By Simon J. Lancaster
I've done a brief summary of each section. This journal mainly discusses its use in a chemistry context but we can relate some parts to education.
Flipped learning can use a variety of technology facilitated strategies to maximise engagement, probe understanding and ensure students are able to apply the knowledge effectively.
It gives students skills that graduates will need in employment, including the ability to work independently to solve problems.
It's shown that brain activity during lectures is comparable to that registered when watching television (Poh et al 2010). Furthermore, students are remarkably poor judges of how effectively they have learned during a lecture. Their impression appears to be based largely on the performance of the lecturer.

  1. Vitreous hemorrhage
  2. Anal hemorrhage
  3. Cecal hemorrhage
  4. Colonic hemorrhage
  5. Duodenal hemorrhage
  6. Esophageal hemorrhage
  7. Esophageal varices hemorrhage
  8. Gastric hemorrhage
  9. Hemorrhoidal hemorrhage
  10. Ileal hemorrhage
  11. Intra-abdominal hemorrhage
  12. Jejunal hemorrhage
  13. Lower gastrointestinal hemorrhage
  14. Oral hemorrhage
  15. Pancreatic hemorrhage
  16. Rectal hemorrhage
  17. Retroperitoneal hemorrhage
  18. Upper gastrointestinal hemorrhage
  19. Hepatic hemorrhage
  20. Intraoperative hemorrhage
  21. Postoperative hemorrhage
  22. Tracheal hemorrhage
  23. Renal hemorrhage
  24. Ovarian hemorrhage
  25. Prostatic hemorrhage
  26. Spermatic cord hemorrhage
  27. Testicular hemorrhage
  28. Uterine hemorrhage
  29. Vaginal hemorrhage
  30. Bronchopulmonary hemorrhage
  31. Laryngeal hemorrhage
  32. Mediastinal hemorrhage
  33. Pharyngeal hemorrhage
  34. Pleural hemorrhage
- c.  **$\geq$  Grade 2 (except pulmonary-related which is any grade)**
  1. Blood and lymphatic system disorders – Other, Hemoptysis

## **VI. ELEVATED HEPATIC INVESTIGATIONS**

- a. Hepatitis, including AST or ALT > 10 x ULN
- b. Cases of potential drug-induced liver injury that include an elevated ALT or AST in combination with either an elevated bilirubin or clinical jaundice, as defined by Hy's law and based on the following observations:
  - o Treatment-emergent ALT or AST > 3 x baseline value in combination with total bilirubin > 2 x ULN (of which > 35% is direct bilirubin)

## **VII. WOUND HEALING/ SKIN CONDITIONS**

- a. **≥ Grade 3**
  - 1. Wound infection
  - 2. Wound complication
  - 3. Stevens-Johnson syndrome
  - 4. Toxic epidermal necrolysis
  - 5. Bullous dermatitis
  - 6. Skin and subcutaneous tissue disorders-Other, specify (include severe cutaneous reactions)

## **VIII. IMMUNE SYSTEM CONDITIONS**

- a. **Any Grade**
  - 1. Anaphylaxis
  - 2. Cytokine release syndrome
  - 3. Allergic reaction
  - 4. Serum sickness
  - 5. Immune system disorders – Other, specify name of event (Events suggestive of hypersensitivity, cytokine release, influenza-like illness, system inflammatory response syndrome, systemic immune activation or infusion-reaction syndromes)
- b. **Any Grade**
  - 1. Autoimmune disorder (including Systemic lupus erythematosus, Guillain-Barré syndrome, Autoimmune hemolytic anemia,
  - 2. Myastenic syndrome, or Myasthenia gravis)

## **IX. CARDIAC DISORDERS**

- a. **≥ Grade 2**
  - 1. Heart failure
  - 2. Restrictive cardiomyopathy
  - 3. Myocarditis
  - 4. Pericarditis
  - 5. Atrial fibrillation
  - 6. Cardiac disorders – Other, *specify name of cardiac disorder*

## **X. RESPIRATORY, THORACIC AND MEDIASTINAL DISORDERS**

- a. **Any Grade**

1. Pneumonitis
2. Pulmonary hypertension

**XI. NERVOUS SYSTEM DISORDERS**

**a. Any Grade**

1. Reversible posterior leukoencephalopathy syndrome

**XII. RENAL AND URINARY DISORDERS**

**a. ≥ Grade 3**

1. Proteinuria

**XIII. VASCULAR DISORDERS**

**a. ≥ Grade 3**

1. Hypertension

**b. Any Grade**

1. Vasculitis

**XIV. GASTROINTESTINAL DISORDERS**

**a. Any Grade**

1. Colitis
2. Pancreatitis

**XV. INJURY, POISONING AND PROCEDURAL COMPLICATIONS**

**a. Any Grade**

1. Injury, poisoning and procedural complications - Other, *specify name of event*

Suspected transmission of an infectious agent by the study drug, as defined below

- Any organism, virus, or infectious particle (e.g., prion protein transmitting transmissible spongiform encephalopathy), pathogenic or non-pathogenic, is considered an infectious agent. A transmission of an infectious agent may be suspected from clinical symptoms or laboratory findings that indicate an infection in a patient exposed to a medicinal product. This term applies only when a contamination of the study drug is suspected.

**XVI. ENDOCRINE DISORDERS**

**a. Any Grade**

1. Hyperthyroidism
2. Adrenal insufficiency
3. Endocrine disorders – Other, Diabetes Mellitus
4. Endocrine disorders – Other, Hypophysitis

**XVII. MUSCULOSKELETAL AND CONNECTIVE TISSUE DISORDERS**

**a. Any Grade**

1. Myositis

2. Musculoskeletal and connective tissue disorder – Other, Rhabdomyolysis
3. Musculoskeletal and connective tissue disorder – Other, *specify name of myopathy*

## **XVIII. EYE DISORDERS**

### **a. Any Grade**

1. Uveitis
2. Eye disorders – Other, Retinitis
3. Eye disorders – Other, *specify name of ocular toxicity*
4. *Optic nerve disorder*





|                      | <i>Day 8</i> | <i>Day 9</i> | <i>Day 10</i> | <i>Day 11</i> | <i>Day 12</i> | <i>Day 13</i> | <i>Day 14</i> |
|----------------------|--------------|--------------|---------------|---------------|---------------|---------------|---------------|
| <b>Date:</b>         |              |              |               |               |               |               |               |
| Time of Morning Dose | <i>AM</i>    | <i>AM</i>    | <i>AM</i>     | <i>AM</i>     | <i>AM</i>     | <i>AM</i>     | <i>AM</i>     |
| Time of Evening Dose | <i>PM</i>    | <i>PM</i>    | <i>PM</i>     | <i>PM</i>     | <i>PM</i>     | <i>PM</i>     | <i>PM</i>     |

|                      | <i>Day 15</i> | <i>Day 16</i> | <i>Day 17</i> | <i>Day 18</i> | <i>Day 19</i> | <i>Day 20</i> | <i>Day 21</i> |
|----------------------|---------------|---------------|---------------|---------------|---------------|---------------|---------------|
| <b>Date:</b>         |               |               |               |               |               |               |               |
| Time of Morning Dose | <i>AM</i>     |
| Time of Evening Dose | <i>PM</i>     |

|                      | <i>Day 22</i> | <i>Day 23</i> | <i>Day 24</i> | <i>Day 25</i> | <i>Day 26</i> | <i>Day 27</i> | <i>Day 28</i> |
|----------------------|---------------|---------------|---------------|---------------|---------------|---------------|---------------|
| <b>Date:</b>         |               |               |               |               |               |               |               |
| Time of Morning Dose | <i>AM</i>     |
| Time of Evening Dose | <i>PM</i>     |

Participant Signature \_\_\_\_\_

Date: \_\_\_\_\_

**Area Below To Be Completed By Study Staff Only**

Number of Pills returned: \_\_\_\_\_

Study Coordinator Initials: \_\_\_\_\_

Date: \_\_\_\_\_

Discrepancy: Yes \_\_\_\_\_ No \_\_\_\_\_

The consensus is that dynamic, interactive learning in which students are presented with opportunities to solve problems is more effective.
However, our institutions rarely have the resources to increase contact time and the difficulty is the type of teaching we would like to do takes time.
Executing the flip
Flipped learning should be student led wherever possible and students should send their queries to the academic in advance.
Lecture flipping is by far the best received change to teaching practice. No two flipped sessions will be the same and it will help students to come to terms with their misconceptions.
However, flipping the lecture can only be recommended for teaching staff convinced by the potential of interactivity and engagement with the confidence to relinquish some control.
For the student, flipping lectures promotes independent learning and allows much greater attention to problem solving and higher order skills.